• IMASBA

        “If you have study references I will read them :-)”

        - Fooled by Randomness (Nassim Taleb)

        - Survivor bias and mutual fund performance (E.J. Elton, M.J. Gruber, C.R. Blake)

        - Are CEOs Rewarded for Luck? The Ones Without Principals Are (M. Bertrand, S. Mullainnathan)

        - Managers’ Selection: Survivors Always Look Better, Whether They Are Skilled or Not (D. Clermont)

        - Are Random Trading Strategies More Successful than Technical Ones? (A.E. Biondo, A. Pluchino)

        There are also some humourous accounts of a variety of animals that beat the stock market for years at a time.

        “We’re just arguing over what the CEO r^2 with added value actually is.”

        Yes, I do not count “accidental” value as something that should be relevant to reward: if you get into a position that exerts a lot of influence but you got there mostly by luck and the job isn’t particularly difficult or risky (to yourself) I’d say the value YOU add isn’t that great, even if your position adds a lot of value, to me it’s no different than a lottery winner claiming he added $1 million of value to the economy, or someone who finds oil on their land claiming he’s self-made and making a lot of money. Pop stars are a good example: they get where they are mostly through chaotic viral dynamics that they do not control and their jobs aren’t that much harder or riskier than that of the average person, still they rake in millions.

        “I’m happy to believe some CEO, some industries, it is zero.”

        Zero is a bit extreme, I’m sure most CEOs add some value just by doing necessary paperwork and negotiations.

        “Berkshire Hathaway is simply not explicable by chance.”

        Are you sure? There are a lot of similar funds in the world. Btw, I’m not saying everything is 100% down to luck, it’s more like poker: card counting skills and solid bluffing do give you an edge, but there’s still a large random element and the reward for the winner is disproportionately large.

        “There is an additional argument needed to tax it. I’m not really a utilitarian, so can’t proceed simply from “John’s income is mere good luck” to “we should tax John’s income – look how much good we could do with it!”.”

        There is the utilitarian argument, which is a strong argument, but there are more arguments to be made, such as increasing social mobility (by removing a financial aristocracy) and strengthening democracy (money = power, literally and in many ways). There’s also the simple fact that if you get more than you contribute that means someone else is getting less than they contribute.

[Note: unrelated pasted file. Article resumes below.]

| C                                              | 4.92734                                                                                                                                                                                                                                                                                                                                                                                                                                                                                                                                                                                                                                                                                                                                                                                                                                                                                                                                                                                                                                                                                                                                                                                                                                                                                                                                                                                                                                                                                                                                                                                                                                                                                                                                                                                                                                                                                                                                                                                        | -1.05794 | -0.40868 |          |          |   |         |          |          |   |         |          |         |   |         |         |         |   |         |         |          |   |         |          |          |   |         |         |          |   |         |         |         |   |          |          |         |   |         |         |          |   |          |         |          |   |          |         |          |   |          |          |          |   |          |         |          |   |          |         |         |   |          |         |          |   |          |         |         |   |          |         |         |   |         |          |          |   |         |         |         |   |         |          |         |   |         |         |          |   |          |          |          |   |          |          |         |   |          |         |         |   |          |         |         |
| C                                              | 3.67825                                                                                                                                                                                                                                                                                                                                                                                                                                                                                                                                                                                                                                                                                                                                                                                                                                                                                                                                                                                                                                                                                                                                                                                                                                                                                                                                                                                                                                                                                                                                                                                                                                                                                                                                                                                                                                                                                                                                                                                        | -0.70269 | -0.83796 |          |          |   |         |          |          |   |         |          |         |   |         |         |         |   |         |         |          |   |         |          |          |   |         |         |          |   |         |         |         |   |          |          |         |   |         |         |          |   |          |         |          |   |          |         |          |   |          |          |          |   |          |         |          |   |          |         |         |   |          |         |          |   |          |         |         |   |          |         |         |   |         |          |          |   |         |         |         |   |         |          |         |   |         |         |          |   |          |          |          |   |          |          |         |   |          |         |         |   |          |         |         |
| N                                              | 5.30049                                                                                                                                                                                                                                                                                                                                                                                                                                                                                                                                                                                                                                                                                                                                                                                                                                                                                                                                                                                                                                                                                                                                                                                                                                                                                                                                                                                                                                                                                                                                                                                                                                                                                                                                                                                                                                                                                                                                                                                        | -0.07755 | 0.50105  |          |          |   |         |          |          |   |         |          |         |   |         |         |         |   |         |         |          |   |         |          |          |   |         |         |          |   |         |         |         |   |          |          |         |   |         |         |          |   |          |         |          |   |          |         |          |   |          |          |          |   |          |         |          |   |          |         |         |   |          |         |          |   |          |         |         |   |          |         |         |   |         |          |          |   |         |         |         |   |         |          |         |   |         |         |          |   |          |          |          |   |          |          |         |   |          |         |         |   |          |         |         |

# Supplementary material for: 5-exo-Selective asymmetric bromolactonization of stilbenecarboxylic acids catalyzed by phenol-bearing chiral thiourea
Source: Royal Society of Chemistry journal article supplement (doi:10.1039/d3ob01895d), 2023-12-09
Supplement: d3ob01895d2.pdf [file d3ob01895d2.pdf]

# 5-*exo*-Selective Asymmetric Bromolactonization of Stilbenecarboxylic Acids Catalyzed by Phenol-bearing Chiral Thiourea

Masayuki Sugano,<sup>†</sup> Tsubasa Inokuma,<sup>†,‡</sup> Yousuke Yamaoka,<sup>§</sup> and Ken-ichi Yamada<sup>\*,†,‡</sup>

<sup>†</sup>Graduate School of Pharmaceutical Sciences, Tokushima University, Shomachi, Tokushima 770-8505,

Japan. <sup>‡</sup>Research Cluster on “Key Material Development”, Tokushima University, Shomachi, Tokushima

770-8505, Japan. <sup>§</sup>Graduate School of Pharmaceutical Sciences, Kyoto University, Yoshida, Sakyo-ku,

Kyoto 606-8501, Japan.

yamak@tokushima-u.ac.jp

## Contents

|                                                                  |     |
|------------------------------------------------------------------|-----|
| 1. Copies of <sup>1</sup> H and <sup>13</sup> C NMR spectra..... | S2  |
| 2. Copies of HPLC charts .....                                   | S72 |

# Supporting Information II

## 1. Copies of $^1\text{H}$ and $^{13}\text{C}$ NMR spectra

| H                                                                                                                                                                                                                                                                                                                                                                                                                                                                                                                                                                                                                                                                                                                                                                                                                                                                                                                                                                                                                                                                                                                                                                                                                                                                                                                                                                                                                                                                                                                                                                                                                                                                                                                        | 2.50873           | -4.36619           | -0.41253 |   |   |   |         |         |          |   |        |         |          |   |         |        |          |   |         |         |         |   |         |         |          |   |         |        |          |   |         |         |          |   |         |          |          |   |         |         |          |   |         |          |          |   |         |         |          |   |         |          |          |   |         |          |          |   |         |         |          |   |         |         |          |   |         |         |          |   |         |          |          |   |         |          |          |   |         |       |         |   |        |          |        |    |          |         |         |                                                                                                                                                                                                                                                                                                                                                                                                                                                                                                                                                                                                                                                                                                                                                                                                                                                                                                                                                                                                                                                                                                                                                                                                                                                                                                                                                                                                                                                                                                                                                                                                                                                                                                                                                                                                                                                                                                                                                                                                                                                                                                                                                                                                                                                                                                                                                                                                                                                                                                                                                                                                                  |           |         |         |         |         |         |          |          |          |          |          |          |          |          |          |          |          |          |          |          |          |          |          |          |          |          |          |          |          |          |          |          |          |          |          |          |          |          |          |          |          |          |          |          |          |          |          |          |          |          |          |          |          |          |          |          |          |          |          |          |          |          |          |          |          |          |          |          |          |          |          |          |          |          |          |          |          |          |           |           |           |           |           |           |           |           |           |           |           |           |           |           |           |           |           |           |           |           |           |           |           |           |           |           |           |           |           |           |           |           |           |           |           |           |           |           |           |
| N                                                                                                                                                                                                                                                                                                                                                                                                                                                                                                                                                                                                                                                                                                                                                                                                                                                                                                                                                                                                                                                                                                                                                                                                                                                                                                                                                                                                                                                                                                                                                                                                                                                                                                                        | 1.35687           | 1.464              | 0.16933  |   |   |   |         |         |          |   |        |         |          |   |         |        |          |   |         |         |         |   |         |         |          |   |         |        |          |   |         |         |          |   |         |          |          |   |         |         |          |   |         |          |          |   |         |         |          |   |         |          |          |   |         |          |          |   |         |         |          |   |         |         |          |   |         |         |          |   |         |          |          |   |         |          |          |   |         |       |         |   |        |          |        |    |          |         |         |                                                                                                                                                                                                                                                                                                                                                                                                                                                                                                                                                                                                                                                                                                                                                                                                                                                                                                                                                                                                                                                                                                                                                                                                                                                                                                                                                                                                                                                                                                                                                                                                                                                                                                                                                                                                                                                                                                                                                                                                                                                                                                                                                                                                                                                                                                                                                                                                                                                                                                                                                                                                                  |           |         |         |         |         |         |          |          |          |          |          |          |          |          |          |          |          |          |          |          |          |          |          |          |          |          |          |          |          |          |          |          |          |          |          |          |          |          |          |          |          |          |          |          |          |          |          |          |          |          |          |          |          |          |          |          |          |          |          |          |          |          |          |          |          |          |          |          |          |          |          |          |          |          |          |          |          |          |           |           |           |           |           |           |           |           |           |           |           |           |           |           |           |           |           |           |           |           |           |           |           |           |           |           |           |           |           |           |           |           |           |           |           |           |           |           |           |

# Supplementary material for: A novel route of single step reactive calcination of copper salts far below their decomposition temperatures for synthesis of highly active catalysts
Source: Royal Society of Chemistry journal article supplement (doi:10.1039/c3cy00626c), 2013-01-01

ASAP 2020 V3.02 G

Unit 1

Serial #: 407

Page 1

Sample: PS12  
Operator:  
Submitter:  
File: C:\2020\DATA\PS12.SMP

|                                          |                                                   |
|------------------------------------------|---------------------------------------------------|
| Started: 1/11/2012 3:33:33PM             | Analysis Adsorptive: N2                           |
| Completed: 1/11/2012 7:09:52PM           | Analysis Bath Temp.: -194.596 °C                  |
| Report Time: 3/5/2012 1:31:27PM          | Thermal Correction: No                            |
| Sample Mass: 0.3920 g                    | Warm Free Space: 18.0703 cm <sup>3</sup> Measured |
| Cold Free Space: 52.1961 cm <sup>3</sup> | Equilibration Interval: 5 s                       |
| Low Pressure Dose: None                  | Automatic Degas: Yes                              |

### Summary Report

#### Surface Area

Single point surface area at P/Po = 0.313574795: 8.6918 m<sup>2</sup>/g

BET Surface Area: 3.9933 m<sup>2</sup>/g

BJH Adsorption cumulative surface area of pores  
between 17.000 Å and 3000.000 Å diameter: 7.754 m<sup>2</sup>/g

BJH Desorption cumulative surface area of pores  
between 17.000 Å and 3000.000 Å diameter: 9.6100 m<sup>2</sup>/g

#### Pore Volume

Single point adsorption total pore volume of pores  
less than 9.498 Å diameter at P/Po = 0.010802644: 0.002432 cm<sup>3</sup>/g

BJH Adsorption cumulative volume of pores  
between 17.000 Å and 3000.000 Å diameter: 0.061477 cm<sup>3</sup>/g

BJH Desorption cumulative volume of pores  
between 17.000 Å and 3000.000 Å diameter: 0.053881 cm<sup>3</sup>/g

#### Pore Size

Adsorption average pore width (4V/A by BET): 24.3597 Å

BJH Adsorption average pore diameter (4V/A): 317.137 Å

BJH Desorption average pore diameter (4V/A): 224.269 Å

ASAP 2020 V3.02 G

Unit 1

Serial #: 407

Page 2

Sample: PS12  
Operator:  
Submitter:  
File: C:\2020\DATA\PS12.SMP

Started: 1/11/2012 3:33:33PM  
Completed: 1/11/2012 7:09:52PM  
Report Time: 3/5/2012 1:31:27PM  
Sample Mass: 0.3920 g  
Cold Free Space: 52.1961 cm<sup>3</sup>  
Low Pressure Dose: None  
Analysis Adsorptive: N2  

“Incidentally, would you support a 100% tax of lottery winners? Or inheiritance tax?”

        Yes, and yes.

        “The co-ordination problem you face in getting there is unsurmountable as individual countries are incentivised to “defect” from your 100% tax regimen and attract the rich to their shores.”

        That’s true. We will have to wait for a single global government, or superstates with a high degree of self-sustainability (at least when trade with other like-minded states is included) and the capability to strong-arm tax havens.

      • Weaver

        Respectfully, I’ve read 3 of those already. I don’t think they support the “no added value” hypothesis; just the “little added value” or “some have no added value” hypothesis. Taleb himself after all, does make money with his contrarian strategy. So there is at least 1 skilled trader, or so he would have us believe ;-)

        Yes, I think I’m fairly confident. There’s more than one Berkshire Hathaway class fund. Aggregate fund performance statistics still seem over-distributed relative to what we would get from a pure chance/no skill distribution. Your third reference is a pretty good take of what I usually see.

        PS. Ranking entity performance in messy systems is one of my jobs (not financial services). I’m very aware of how random fluctuation can be mistaken for skill.

      • IMASBA

        “Taleb himself after all, does make money with his contrarian strategy. So there is at least 1 skilled trader, or so he would have us believe ;-)”

        But he does admit he makes a lot less than most other traders, he even expects that to remain true and that’s fine with him, he accept it as the price for insurance against catastrophic losses. Also it may very well be that the stock market itself is a parasitic entity that enables not-so-great minds to gather more than their fair share of wealth relatively easy.

        “If we’re just haggling over a few points of r^2, rather than zero r^2, then we’re not that far apart.”

        Depends on your definition of “a few”, but yes, we are haggling over the size of the added value (and how much of that should be reflected in the reward), nowhere do I say that no value at all is added.

        “Yes, I think I’m fairly confident. There’s more than one Berkshire Hathaway class fund. Aggregate fund performance statistics still seem over-distributed relative to what we would get from a pure chance/no skill distribution.”

        Nassim Taleb believes a lot of Warren Buffett’s success is still attributable to chance. I don’t know enough details to be entirely sure but I suspect the trick lies in two things: 1) to do proper statistics Berkshire Hathaway has to be included in a pool with ALL traders on the stock market, not just other large funds, 2) temporary success can become a self-fulfilling prophecy through investors’ belief in that success (similar to a bubble but less catastrophic since Berkshire Hathaway really can increase its own intrinsic value using hyped investments). And ultimately the reward is disproportionate, even if the success is 100% attributable to Warren Buffett’s special skills.